THURSDAY, Oct. 13 (HealthDay News) -- The stress associated with racial discrimination may take a heavy toll on the body, researchers say.
The finding could help explain why certain racial groups tend to have more heart disease, diabetes and other age-related conditions, according to a study published in the International Journal of Behavioral Medicine.
This study may be the first to find a possible physiological explanation for racial disparities in health, said Dr. Jennifer H. Mieres, a cardiologist and chief diversity and inclusion officer at North Shore-LIJ Health System in Manhasset, N.Y. Mieres was not involved with the study.
Psychological stress has long been linked to heart disease, cancer and other ailments. And racial discrimination is associated with higher blood pressure, obesity and even early death.
But what is the physiological mechanism at play here?
Small studies have suggested that psychological stressors may trigger oxidative stress, which "is a precursor to many, many illnesses like diabetes, cancer, heart disease and aging itself, it seems," said study lead author Sarah L. Szanton.
Healthy bodies maintain a balance between so-called free radicals, which can damage cells, and antioxidants, which are necessary for the body to repair itself from various insults and injuries.
But various factors, including behaviors such as smoking or eating fried food, will tip the seesaw in the wrong direction, resulting in more free radicals and, therefore, more oxidative stress, which wreaks havoc on the cellular functions that keep us alive.
To test whether racial discrimination was linked with oxidative stress, Szanton and her colleagues evaluated information on 629 adults -- blacks and whites -- who were enrolled in a U.S. National Institute on Aging study. They ranged from 30 to 64 years old and represented different income levels.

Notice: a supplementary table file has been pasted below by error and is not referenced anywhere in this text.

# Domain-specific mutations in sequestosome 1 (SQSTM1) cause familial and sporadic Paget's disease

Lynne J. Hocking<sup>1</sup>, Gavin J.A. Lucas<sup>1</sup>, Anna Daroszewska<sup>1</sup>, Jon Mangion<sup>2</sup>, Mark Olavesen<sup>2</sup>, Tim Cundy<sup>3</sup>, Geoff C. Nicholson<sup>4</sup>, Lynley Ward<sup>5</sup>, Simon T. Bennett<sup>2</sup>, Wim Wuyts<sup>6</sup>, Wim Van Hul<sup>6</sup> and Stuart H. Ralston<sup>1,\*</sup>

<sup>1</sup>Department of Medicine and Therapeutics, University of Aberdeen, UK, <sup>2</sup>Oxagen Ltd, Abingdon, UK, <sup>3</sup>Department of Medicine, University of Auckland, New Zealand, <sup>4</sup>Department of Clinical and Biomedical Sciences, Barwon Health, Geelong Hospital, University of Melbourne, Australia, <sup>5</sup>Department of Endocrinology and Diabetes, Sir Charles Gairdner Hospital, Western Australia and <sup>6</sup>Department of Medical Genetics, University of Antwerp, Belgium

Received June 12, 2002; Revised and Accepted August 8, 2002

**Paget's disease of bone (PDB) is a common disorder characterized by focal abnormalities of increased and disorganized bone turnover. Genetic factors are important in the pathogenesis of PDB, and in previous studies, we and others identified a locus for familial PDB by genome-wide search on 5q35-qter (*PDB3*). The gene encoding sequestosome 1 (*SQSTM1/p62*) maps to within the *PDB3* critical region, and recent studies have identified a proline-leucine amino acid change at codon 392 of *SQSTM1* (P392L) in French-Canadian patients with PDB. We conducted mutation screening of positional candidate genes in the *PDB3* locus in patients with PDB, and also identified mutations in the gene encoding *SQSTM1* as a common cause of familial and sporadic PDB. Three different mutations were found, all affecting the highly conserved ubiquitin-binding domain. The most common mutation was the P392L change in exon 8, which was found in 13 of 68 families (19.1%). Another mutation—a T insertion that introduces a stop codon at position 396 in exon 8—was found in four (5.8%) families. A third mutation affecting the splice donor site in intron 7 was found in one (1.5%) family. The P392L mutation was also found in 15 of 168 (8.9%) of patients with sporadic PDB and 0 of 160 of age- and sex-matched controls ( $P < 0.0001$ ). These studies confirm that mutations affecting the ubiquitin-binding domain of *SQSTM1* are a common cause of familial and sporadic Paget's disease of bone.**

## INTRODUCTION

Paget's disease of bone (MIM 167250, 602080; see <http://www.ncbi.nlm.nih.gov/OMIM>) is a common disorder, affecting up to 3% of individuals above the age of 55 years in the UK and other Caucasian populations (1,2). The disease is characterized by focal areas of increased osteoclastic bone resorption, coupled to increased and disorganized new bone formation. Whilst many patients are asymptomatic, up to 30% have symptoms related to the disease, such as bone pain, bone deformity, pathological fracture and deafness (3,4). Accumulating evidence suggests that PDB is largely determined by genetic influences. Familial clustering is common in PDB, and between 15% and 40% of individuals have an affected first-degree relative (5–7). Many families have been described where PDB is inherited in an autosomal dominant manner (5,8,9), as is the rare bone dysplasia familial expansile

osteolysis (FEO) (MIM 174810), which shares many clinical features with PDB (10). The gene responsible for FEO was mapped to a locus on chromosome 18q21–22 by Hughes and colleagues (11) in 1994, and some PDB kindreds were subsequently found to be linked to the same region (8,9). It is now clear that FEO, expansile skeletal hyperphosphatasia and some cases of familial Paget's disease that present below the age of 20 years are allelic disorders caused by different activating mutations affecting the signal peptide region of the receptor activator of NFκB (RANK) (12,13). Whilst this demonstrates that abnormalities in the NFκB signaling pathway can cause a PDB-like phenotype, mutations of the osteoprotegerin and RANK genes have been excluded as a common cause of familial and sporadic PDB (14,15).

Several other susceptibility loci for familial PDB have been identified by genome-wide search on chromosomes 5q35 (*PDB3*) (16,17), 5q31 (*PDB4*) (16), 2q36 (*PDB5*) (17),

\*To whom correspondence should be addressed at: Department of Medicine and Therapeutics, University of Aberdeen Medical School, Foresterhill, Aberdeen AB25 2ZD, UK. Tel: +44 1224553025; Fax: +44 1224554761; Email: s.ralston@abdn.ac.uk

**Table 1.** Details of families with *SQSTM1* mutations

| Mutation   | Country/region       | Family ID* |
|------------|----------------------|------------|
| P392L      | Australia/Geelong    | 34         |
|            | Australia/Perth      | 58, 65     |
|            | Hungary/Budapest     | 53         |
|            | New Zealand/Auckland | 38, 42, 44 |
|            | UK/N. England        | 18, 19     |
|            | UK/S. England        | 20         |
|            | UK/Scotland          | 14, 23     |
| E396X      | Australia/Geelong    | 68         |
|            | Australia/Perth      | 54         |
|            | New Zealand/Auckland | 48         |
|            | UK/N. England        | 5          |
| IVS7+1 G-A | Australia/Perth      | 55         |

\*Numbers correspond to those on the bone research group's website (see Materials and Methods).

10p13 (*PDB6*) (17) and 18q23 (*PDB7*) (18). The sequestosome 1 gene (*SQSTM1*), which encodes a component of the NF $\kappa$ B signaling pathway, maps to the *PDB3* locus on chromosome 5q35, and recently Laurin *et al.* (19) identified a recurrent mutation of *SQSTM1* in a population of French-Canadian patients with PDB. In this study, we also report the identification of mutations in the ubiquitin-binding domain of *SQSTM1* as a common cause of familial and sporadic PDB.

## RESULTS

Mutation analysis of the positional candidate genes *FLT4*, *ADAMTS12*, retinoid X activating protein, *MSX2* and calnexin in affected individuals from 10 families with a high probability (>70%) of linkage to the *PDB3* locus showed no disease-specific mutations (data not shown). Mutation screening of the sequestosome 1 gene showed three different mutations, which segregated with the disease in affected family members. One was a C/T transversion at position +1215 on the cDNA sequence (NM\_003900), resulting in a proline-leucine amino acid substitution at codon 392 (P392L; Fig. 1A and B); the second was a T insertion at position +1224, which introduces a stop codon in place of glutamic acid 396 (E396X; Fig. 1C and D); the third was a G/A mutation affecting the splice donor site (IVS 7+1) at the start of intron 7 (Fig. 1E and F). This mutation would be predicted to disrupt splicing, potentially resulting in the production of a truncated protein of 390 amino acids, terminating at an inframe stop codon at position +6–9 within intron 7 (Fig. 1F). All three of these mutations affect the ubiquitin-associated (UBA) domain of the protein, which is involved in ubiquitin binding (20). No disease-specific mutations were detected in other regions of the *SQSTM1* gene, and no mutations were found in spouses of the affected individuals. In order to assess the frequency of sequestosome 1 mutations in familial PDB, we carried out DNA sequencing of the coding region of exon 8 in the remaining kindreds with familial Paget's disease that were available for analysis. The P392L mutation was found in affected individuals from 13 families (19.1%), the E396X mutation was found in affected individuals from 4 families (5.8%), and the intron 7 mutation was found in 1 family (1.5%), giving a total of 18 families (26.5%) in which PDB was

The participants had been asked about racial discrimination, and the researchers paired their answers with the results of blood tests that measured degradation of red blood cells, an indicator of oxidative stress.
More blacks reported racial discrimination than whites, and blacks who experienced more racial discrimination than their peers had more oxidative stress. Among whites, discrimination was not tied to oxidative stress.
This preliminary study only looked at overt discrimination, and additional research is needed to confirm the results. Future research might want to focus also on institutional discrimination, such as neighborhood and school segregation, said Szanton, an assistant professor at the Johns Hopkins University School of Nursing in Baltimore.
Mieres suggested that clinicians might want to incorporate more information on day-to-day stressors their patients face into treatment decisions.
"That might factor into making determinations for treating borderline blood pressure or diabetes," she said.
The U.S. Centers for Disease Control and Prevention has more on health disparities.
SOURCES: Sarah L. Szanton, Ph.D., assistant professor, Johns Hopkins University School of Nursing, Baltimore; Jennifer H. Mieres, M.D., cardiologist and chief diversity and inclusion officer, North Shore-LIJ Health System, Manhasset, N.Y.; Sept. 13, 2011, International Journal of Behavioral Medicine, online
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